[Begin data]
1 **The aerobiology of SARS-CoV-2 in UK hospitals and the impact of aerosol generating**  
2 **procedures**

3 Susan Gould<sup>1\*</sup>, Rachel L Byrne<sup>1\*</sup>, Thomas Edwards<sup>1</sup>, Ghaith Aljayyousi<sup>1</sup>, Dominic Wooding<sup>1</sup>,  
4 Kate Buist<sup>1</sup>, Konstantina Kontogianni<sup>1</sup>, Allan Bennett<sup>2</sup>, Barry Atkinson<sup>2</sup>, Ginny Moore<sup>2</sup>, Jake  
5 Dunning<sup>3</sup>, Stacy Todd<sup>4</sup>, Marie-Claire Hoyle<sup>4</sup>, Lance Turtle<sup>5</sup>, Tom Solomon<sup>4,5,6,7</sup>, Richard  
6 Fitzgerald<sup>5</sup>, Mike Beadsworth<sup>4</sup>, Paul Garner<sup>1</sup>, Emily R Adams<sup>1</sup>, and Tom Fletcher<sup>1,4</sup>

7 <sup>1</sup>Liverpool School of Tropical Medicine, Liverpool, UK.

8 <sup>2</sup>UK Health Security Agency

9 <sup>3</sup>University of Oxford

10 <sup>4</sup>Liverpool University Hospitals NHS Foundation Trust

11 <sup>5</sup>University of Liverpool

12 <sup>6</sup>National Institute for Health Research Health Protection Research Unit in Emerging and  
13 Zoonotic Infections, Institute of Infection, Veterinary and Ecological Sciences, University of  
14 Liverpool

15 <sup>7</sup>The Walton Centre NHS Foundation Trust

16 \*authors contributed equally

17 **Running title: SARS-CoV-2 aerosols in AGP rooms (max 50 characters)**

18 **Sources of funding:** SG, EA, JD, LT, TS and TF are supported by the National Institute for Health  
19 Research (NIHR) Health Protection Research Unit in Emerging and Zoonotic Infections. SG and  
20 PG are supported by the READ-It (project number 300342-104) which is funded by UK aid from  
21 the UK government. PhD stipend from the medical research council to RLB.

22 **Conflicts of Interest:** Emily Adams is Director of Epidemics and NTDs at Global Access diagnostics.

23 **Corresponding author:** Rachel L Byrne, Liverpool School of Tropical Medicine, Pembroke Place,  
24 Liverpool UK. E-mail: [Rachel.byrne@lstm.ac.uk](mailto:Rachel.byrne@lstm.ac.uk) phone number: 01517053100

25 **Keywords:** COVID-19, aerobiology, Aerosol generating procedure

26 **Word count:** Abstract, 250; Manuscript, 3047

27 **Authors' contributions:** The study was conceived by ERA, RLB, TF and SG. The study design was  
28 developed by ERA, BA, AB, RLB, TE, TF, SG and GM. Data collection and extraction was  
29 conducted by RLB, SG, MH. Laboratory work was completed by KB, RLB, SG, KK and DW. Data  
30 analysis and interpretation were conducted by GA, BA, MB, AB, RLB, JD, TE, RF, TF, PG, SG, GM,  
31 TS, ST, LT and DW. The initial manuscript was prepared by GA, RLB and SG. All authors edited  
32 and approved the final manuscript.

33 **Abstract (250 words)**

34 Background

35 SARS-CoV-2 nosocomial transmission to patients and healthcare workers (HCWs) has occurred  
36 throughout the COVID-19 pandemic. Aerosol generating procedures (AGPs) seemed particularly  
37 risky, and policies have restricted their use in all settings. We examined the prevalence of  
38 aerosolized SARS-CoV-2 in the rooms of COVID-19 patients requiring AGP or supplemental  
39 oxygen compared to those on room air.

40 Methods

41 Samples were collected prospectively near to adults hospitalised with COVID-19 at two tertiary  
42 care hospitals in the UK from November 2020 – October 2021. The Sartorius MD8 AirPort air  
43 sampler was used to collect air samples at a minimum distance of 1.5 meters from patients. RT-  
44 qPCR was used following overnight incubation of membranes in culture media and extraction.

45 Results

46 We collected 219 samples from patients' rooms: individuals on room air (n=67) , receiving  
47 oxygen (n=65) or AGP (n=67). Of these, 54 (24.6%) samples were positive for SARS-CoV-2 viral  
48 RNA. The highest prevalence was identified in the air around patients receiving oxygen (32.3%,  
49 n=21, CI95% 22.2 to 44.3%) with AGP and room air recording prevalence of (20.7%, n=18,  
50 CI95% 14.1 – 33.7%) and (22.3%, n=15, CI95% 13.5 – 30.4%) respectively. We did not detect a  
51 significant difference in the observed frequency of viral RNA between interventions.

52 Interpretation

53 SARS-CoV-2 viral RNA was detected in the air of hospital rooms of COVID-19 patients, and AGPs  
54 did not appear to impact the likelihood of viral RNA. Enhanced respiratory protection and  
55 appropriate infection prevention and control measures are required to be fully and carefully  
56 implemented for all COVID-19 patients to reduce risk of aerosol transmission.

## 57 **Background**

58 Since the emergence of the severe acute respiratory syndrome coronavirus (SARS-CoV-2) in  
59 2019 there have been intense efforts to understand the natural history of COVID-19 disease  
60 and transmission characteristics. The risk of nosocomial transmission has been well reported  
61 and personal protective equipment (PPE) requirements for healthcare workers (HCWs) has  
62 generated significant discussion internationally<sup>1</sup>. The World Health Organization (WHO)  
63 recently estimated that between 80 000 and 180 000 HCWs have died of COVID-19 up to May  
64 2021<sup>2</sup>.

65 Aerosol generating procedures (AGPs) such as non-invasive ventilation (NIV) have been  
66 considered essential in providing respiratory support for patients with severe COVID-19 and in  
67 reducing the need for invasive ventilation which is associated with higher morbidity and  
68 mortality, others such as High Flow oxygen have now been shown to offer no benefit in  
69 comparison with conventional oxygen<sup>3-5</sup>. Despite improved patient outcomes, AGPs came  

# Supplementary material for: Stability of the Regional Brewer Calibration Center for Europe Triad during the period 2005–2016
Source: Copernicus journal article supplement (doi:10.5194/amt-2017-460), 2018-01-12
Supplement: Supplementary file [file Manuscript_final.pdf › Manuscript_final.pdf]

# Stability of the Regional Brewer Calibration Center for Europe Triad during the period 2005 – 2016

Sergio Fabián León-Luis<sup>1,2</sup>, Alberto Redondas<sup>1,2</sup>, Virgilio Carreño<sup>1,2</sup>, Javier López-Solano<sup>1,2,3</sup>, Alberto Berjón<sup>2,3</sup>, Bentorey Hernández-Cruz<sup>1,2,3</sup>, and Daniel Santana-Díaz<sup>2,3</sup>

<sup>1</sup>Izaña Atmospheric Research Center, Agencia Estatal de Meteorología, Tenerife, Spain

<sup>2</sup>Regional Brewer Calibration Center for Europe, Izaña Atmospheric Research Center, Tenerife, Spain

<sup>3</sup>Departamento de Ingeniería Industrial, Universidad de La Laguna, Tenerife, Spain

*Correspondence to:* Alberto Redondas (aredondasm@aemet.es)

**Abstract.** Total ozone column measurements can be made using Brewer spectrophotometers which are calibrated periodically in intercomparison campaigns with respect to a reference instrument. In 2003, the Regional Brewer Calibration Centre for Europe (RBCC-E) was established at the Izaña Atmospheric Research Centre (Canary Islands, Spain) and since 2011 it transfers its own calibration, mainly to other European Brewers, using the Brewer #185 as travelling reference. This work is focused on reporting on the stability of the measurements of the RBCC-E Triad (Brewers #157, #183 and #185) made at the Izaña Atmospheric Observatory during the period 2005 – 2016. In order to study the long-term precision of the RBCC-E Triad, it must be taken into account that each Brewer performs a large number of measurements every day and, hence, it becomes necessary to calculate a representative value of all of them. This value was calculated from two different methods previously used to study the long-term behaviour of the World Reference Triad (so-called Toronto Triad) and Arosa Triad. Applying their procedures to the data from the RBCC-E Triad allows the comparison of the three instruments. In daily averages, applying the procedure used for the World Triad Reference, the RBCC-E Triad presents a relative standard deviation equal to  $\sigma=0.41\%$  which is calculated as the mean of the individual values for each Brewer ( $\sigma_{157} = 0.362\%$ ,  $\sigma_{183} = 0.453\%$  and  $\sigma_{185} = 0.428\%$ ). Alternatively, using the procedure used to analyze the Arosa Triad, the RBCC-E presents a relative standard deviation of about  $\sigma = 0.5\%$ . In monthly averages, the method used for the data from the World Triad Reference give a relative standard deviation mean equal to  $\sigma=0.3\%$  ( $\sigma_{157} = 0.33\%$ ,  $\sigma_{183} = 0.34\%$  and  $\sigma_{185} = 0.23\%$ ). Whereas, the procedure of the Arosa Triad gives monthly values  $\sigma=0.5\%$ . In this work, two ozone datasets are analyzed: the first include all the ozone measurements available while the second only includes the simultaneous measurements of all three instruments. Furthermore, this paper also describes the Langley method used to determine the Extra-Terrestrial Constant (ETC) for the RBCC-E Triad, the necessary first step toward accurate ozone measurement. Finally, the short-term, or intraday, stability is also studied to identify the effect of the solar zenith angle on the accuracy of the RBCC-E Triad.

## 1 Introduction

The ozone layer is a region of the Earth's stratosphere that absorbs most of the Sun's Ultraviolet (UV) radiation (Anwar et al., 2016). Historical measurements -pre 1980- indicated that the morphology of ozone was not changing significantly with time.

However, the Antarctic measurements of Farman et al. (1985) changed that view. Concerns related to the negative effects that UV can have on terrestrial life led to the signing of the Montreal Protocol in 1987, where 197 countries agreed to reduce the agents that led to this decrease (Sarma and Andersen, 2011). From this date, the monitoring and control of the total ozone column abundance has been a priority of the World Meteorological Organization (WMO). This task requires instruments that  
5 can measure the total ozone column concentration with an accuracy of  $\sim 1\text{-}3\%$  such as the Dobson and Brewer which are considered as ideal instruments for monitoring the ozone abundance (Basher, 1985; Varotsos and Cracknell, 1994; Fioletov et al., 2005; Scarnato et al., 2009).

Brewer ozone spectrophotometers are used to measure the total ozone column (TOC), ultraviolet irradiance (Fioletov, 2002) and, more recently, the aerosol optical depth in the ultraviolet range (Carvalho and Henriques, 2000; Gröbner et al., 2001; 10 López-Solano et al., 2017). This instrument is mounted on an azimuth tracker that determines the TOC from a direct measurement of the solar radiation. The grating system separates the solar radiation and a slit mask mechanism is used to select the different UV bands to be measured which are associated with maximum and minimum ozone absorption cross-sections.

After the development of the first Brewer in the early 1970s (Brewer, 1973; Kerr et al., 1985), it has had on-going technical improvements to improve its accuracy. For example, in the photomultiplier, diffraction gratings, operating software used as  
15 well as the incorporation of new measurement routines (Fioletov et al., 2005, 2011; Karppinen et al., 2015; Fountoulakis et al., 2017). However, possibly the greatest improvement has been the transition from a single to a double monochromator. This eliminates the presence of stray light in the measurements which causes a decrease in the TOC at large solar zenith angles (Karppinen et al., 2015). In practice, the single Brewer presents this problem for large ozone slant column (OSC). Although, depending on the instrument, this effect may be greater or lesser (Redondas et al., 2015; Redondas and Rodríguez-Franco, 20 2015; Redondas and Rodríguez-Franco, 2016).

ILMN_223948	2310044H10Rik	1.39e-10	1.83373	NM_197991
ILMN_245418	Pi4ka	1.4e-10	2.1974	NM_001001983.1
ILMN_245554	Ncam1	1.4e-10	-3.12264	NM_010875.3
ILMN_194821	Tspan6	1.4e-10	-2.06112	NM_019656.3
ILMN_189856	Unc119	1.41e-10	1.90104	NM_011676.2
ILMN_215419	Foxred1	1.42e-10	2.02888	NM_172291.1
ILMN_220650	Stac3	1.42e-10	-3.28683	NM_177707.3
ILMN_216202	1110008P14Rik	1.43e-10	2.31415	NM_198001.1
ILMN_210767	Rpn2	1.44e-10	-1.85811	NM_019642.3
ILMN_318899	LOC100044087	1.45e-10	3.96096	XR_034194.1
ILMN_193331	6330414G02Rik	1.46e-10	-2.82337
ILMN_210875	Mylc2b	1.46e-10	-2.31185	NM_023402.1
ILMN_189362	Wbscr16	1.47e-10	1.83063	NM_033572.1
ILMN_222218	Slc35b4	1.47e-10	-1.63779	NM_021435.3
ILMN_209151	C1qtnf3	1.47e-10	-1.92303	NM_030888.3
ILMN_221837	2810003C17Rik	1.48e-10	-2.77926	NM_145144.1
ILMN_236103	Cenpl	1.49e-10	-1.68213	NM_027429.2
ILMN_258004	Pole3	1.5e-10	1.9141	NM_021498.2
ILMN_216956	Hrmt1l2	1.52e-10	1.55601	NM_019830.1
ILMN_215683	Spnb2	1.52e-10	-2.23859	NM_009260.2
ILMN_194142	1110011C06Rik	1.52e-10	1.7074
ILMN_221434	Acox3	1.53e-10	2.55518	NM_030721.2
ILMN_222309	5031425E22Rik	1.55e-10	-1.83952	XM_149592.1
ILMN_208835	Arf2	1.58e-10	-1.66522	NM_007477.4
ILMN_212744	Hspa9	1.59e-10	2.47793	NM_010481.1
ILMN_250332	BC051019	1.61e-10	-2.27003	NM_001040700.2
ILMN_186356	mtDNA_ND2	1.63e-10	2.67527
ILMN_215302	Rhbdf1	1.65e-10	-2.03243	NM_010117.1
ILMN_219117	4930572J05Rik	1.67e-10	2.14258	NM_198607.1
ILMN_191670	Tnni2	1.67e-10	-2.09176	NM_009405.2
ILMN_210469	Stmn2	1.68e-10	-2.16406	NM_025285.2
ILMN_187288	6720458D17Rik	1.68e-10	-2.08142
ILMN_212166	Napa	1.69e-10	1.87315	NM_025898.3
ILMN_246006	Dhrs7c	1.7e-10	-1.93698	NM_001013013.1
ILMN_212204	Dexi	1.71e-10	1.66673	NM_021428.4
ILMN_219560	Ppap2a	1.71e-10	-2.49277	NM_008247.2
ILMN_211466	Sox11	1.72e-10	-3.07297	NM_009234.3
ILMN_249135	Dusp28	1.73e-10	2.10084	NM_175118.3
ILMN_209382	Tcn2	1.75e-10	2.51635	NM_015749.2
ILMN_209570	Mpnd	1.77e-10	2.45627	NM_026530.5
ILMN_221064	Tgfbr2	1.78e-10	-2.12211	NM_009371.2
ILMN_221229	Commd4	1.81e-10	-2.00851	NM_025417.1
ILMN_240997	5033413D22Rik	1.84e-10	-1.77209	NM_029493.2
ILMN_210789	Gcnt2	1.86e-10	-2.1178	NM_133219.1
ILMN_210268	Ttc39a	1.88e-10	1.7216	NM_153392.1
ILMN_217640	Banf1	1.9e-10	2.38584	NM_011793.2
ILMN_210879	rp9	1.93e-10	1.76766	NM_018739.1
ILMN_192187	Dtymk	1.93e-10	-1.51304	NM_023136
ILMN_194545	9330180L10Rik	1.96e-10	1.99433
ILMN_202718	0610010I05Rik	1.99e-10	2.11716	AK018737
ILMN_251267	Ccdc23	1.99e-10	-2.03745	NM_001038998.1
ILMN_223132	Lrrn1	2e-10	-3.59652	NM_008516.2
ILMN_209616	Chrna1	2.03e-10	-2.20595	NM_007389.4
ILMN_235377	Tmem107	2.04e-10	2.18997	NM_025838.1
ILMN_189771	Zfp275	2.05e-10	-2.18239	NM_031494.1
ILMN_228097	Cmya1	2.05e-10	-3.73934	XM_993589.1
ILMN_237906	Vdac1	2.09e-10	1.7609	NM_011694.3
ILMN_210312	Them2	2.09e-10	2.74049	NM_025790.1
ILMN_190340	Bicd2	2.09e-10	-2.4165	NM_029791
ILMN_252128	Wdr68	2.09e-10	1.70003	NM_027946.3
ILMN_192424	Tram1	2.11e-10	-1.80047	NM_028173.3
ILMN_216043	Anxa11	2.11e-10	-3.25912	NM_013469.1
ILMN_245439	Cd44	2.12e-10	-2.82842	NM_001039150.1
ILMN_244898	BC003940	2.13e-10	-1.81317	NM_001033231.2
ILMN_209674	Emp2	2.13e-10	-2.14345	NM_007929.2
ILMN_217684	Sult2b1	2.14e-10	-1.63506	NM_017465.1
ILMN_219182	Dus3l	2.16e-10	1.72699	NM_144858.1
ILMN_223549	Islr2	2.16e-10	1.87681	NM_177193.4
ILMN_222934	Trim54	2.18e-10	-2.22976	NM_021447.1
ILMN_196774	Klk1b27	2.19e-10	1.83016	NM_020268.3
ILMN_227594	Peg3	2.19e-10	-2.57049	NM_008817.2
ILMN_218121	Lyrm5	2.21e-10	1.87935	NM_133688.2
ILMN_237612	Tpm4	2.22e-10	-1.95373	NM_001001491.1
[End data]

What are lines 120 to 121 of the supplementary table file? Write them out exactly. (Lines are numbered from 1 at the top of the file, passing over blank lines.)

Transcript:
ILMN_246006	Dhrs7c	1.7e-10	-1.93698	NM_001013013.1
ILMN_212204	Dexi	1.71e-10	1.66673	NM_021428.4